The simple average applied dutieson all products have fallen from 6% to 4% in the five APEC industrial economies and from 13% to 7% for the 16 APEC developing economies. Moreover, these reductions in applied rates do not take into account some of the multilateral trade successes over the last few years. For example, the conversion of non-tariff barriers to import duties and increases in binding coverage contribute to trade predictability. As a result of that, this can increase the trade among the countries in the Asia Pacific, as well as; it can give more opportunities for Direct Investment. The smooth movement of investment and non-tariff barriers have increased the level of employment in the region. For example, a lot of companies have moved from China, Japan and Australia to Singapore, Malaysia and Thailand. This movement has allowed more job opportunities to be fixed on receiving countries.

On the other hand, the ongoing trade liberalization in the Asia Pacific countries has been progressively moving to access RTAs in the region. The reduction of tariffs is the central feature of APEC’s progress toward trade liberalization. For instance, APEC economies have pursued tariff reductions by implementing commitments made in RTAs since the Bogor declaration in 1994. They have been successful in accomplishing the agreement despite differences between countries in implementing tariff reductions based on different approaches used.

Not only have achievements been made in cutting tariffs, but countries have also increased the proportion of goods imported tariff-free and reduced non-tariff measures. Furthermore, countries in the Asia Pacific are trying to open up more services, expand trade and liberalize investment through facilitation initiatives.

Yet new challenges could derail the process. The COVID-19 pandemic and the ensuing lockdowns, in particular, could potentially harm the future of RTAs and trade liberalization as it will increase the protectionism approach among some countries like China, Indonesia, Vietnam, Chile and Russia. However, the current situation can also be an opportunity for more open trade to overcome the economic cost and issues raised during the pandemic, as well as, it may give a new direction to RTAs and cooperation in APEC region…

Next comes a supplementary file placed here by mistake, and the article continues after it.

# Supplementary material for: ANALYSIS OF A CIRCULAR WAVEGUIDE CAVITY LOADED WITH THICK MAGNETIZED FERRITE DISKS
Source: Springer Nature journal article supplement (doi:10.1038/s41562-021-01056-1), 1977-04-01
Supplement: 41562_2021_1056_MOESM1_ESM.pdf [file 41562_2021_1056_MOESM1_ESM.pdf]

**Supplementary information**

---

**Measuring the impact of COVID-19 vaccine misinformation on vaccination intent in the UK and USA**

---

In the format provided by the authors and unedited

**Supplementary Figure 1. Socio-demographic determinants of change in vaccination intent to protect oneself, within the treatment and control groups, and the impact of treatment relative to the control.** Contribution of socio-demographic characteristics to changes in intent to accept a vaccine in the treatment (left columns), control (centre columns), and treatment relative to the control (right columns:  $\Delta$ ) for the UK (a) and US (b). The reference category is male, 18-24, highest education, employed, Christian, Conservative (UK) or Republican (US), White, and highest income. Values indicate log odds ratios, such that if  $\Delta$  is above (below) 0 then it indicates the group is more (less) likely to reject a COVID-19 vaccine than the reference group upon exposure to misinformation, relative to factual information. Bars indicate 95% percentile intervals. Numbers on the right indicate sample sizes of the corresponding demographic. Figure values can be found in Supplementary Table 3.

Ramzi is a Researcher, Consultant and Trainer in International Relations, with a focus on regional studies and economic cooperation. A PhD holder from the International Islamic University Malaysia (IIUM), in Kuala Lumpur, he is currently an Assistant Professor at IIUM. He is also the author of The Asia-Pacific Economic Cooperation (APEC): A Study in New Regionalism, 1989-2009, as well as several articles and chapters on Regional Studies, the Asia-Pacific region and Middle East regionalism.

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Is Myanmar an ethical minefield for multinational corporations?




Business at a crossroads

Political reforms in Myanmar started in November 2010 followed by the release of the opposition leader, Aung San Suu Kyi, and ended by the coup d’état in February 2021. Business empire run by the military generals thanks to the fruitful benefits of democratic transition during the last decade will come to an end with the return of trade and diplomatic sanctions from the western countries – United States (US) and members of European Union (EU).  US and EU align with other major international partners quickly responded and imposed sanctions over the military’s takeover and subsequent repression in Myanmar. These measures targeted not only the conglomerates of the military generals  but also the individuals who have been appointed in the authority positions and supporting the military regime.